Singapore was the venue, last week, of the World Cities Summit, where engineers, politicians, investors and visionaries rubbed shoulders as they talked about the strategies and policies that would enhance urban living in the future.
As part of the Summit, global payment technologies leader Mastercard hosted a small media briefing by one of Singapore’s leading thinkers about the future, Dr Damian Tan, managing director of Vickers Venture Partners. The company’s slogan “We invest in the extraordinary,” offers a small clue to Tan’s perspective.
“We look as far forward as 2099 because, as a venture capital firm, we invest in the long term,” he tells a group of journalists from Africa and the Middle East. “Companies explode in growth because there is value in the future. If there is no growth, they won’t explode.”
The big question that the Smart Cities Summit and Mastercard are trying to help answer is, what will cities look like in the year 2099? Tan can’t give an exact answer, but he offers a framework that helps one approach the question.
“If you want to look at 81 years into the future, and understand the change that will come, you need to double that amount and look into the past. That takes us to 1856. The difference between then and now is the difference you can expect between now and 2099.”
Click here or on the page link below to read on: Page 2: Soldiers and Health in 2099.
- Arthur Goldstuck is founder of World Wide Worx and editor-in-chief of Gadget.co.za. Follow him on Twitter on @art2gee and on YouTube
Street art goes electric
Kaspersky Lab and British street artist D*Face have unveiled the first-ever “art helmet” design at the Formula E finale for electric cars in New York.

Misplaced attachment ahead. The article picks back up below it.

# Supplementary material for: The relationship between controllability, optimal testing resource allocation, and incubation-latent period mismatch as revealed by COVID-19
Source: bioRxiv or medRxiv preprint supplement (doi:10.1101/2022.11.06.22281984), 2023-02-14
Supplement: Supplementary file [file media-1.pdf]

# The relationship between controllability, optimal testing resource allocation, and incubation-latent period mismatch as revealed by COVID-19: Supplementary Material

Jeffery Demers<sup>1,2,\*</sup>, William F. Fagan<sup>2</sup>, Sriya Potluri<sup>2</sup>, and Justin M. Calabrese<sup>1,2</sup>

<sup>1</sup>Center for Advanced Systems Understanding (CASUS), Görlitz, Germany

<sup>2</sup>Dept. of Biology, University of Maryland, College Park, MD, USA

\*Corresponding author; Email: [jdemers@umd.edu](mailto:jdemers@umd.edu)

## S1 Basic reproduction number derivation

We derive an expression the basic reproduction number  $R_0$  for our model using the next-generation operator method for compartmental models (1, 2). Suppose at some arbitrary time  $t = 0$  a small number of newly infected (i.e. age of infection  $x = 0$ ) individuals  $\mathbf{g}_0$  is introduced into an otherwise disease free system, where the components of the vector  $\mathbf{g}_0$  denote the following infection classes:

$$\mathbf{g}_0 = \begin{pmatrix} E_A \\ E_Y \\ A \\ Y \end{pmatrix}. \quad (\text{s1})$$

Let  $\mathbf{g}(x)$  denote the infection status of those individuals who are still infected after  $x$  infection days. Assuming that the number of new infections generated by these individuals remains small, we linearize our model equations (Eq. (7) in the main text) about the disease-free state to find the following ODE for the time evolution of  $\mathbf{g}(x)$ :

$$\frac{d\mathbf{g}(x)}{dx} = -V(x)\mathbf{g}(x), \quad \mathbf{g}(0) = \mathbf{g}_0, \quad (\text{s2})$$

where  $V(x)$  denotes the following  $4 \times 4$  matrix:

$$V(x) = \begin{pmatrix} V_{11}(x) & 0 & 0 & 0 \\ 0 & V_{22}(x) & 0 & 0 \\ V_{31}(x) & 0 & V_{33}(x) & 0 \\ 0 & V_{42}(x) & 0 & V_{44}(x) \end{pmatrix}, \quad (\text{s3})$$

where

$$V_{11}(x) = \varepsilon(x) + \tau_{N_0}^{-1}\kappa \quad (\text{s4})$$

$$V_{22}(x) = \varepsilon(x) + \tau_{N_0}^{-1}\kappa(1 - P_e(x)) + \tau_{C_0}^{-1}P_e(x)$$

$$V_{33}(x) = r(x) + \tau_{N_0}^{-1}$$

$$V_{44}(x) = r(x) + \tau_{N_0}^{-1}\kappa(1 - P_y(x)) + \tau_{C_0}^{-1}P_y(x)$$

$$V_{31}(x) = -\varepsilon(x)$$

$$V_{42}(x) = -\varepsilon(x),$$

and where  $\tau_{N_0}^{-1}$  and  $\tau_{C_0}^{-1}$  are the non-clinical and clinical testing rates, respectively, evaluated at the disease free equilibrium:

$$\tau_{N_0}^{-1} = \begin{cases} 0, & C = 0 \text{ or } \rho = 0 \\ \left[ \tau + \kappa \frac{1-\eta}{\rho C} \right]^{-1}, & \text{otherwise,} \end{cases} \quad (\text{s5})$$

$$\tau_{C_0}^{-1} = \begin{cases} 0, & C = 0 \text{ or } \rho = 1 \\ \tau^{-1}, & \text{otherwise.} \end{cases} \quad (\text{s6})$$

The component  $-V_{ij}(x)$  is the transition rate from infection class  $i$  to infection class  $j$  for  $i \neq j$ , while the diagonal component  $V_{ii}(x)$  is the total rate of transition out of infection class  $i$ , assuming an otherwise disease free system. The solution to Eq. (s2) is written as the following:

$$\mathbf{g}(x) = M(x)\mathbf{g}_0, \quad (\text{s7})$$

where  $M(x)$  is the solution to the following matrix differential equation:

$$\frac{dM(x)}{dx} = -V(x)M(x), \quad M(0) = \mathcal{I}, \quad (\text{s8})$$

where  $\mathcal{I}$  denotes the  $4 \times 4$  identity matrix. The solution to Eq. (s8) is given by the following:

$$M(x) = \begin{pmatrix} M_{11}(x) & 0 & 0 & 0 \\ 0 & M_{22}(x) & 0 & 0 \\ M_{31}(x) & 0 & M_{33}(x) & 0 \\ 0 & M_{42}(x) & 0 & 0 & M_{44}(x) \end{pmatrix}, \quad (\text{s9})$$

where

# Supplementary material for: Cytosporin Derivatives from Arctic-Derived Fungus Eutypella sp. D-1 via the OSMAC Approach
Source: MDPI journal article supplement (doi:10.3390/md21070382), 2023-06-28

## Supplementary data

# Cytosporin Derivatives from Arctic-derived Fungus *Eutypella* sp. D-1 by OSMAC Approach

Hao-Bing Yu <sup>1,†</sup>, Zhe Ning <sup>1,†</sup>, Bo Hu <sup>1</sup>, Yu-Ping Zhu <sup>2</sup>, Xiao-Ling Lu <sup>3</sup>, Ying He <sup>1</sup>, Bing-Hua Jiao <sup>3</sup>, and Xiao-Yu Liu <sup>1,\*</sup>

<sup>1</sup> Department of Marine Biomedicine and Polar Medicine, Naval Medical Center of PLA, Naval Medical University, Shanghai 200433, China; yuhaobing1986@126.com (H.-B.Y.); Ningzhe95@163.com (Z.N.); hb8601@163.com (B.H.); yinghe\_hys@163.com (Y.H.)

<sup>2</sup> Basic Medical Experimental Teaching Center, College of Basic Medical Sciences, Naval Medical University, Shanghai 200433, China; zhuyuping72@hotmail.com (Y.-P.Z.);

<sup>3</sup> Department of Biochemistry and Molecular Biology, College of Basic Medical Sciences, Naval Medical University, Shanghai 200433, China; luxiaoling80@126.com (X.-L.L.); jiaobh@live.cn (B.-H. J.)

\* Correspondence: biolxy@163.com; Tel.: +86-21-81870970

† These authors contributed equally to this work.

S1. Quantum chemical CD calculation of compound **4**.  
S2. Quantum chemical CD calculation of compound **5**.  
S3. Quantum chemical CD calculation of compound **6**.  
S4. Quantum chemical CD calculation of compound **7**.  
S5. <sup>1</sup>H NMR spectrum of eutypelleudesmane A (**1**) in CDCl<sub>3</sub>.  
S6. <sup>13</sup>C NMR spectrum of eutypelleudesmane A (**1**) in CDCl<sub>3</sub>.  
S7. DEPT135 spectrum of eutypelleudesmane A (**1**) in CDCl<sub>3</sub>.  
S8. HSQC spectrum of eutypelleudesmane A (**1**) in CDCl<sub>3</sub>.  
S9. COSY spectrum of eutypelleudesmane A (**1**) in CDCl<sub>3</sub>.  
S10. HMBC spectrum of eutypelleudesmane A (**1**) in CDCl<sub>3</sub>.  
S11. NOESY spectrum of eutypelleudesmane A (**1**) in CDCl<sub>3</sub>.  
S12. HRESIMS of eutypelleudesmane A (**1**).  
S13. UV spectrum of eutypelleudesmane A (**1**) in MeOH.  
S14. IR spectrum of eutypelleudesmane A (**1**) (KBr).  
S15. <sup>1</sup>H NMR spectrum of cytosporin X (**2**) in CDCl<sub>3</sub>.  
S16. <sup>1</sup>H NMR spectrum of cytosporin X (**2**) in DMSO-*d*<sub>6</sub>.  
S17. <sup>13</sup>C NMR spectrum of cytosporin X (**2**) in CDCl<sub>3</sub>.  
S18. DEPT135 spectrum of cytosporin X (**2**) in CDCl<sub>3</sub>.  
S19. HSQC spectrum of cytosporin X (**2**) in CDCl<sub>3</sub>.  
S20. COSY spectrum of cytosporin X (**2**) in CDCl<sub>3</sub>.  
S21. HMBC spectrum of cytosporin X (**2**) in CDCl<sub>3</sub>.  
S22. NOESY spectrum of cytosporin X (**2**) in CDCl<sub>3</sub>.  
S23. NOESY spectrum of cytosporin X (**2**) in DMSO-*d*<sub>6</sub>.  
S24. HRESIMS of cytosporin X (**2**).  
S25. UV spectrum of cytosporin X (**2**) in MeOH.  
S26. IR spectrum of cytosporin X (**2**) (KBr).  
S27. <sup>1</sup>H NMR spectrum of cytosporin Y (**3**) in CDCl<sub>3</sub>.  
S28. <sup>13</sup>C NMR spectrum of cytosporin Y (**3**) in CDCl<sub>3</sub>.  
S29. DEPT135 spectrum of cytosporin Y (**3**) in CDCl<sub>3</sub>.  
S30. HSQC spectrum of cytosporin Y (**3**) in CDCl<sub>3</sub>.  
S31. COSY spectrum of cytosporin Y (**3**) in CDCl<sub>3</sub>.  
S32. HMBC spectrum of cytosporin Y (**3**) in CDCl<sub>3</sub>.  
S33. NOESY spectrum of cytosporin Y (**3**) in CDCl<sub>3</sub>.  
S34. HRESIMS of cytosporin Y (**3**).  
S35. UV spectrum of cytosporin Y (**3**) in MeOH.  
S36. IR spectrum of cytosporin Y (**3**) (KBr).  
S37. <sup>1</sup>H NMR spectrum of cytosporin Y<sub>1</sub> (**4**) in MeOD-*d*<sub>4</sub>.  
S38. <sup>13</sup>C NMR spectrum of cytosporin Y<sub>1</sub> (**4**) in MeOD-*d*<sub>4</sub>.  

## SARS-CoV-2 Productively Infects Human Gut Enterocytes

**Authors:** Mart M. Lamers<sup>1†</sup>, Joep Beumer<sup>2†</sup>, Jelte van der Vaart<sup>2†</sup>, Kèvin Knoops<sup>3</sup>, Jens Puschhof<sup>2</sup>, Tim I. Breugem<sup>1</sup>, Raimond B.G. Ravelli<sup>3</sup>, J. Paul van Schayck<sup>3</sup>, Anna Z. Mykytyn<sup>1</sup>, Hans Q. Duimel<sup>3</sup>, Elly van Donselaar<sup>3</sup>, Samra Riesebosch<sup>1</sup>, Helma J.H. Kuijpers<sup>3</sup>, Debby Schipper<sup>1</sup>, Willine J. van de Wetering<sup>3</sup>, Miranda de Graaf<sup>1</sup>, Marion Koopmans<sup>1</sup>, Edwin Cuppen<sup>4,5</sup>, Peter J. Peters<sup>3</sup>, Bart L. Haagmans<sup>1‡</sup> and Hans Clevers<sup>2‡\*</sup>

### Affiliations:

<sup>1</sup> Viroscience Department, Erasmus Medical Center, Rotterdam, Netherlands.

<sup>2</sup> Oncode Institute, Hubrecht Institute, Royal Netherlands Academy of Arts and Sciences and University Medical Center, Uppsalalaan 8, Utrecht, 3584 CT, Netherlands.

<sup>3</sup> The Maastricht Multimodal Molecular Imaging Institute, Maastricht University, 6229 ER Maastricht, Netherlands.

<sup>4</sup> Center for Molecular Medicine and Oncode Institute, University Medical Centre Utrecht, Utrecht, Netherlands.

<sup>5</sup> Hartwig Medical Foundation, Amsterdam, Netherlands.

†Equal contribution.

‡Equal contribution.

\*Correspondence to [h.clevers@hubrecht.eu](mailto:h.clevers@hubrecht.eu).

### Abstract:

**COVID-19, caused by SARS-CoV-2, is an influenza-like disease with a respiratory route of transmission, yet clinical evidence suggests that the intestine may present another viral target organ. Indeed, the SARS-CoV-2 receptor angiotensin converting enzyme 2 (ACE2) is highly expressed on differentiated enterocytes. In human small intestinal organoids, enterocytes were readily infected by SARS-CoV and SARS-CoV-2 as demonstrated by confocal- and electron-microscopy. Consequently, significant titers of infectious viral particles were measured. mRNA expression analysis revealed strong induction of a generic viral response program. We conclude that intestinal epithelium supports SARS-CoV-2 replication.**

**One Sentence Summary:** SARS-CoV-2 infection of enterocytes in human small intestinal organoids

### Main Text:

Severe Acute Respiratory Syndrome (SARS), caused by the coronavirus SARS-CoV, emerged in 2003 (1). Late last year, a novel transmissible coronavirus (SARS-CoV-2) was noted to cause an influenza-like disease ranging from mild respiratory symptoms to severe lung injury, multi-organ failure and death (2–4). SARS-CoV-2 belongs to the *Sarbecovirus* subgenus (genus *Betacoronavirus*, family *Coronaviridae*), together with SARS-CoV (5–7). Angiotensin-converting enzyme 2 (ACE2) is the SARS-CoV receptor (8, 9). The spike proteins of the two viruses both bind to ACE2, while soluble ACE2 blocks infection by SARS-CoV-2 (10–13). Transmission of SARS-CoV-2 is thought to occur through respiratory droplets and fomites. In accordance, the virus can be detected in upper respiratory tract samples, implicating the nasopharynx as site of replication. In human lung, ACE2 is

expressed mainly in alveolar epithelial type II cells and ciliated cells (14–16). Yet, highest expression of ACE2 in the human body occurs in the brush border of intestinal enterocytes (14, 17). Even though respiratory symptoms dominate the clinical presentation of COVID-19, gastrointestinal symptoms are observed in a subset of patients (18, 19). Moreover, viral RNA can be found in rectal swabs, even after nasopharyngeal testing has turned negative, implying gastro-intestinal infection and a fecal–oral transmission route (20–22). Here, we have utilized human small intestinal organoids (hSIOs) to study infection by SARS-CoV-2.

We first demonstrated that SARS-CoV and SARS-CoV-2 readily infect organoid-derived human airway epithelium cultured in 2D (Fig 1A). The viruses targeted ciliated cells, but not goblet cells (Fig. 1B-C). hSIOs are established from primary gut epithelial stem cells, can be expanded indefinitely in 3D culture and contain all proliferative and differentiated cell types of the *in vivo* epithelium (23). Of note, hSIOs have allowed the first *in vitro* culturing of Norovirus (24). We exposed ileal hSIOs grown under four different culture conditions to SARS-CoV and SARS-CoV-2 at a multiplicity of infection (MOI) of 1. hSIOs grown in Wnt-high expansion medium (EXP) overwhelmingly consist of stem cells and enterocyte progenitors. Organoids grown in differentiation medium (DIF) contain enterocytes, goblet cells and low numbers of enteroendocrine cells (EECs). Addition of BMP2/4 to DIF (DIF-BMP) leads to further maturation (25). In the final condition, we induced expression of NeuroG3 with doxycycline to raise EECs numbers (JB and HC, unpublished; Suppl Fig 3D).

The ‘Save The World’ helmets will be raced by DS Virgin Racing’s drivers, Sam Bird and Alex Lynn, as they traverse the New York street circuit during the final races of the Formula E season.
The announcement signals the first art helmet by a Formula E team, continuing the heritage of art in motorsport and the cybersecurity brand’s commitment to contemporary art, creativity and innovation. D*Face took inspiration from Kaspersky Lab’s tagline, “A Company To Save The World”, and hopes that his colourful work will inspire people to take positive action.
D*Face will announce his first-ever art car design with a custom-made livery for the DS Virgin Racing Team. Its design will be released at the “Art Goes Green” event after Saturday’s race. The helmets and art car are the latest installations in the “Save the World” collection, following a major permanent public mural that was installed in Brooklyn, New York, in May.
D*Face, whose real name is Dean Stockton, said: “It is exciting to work with Kaspersky Lab on this project and create art with a real message of hope for a better future. After all, this is our world and we need to look after it. It will take every one of us to make a real lasting, impactful change. I love the mentality of the DS Virgin Racing Team and that of Formula E by showcasing sport in a way that doesn’t harm the environment, but is still just as exhilarating and fun.
“It is time for us all to stand together and make a change… be that stopping data steals, climate change, plastic waste or using damaging fuels. I want everyone to make a pledge to do one thing that will help make a change.”
As a sponsor of DS Virgin Racing Team, Kaspersky Lab is responsible for protecting the team’s devices against cyber threats. The company sees the technical environment in the global sport of Formula E as the next frontier in furthering its research and development of new technologies to keep vehicles secure in the digital world.
Sylvain Filippi, Managing Director at DS Virgin Racing, said: “The whole team fully supports this great initiative and our thanks got to Kaspersky and D*Face for their collaboration. It’s an honour to have such an innovative artist bring his talents to bear in our team ahead of the season-finale; the car, drivers’ crash helmets and mural all look amazing.”
Aldo Fucelli Pessot del Bo, Head of Global Partnerships and Sponsorships at Kaspersky Lab added: “There is a need for innovation on a global scale, both in contemporary art and in the fast-growing sport of Formula E. Now, for the first time ever, Kaspersky Lab is proudly bringing together the two sectors in an effort to Save the World and unleash creativity, encourage freedom of expression and further innovation.”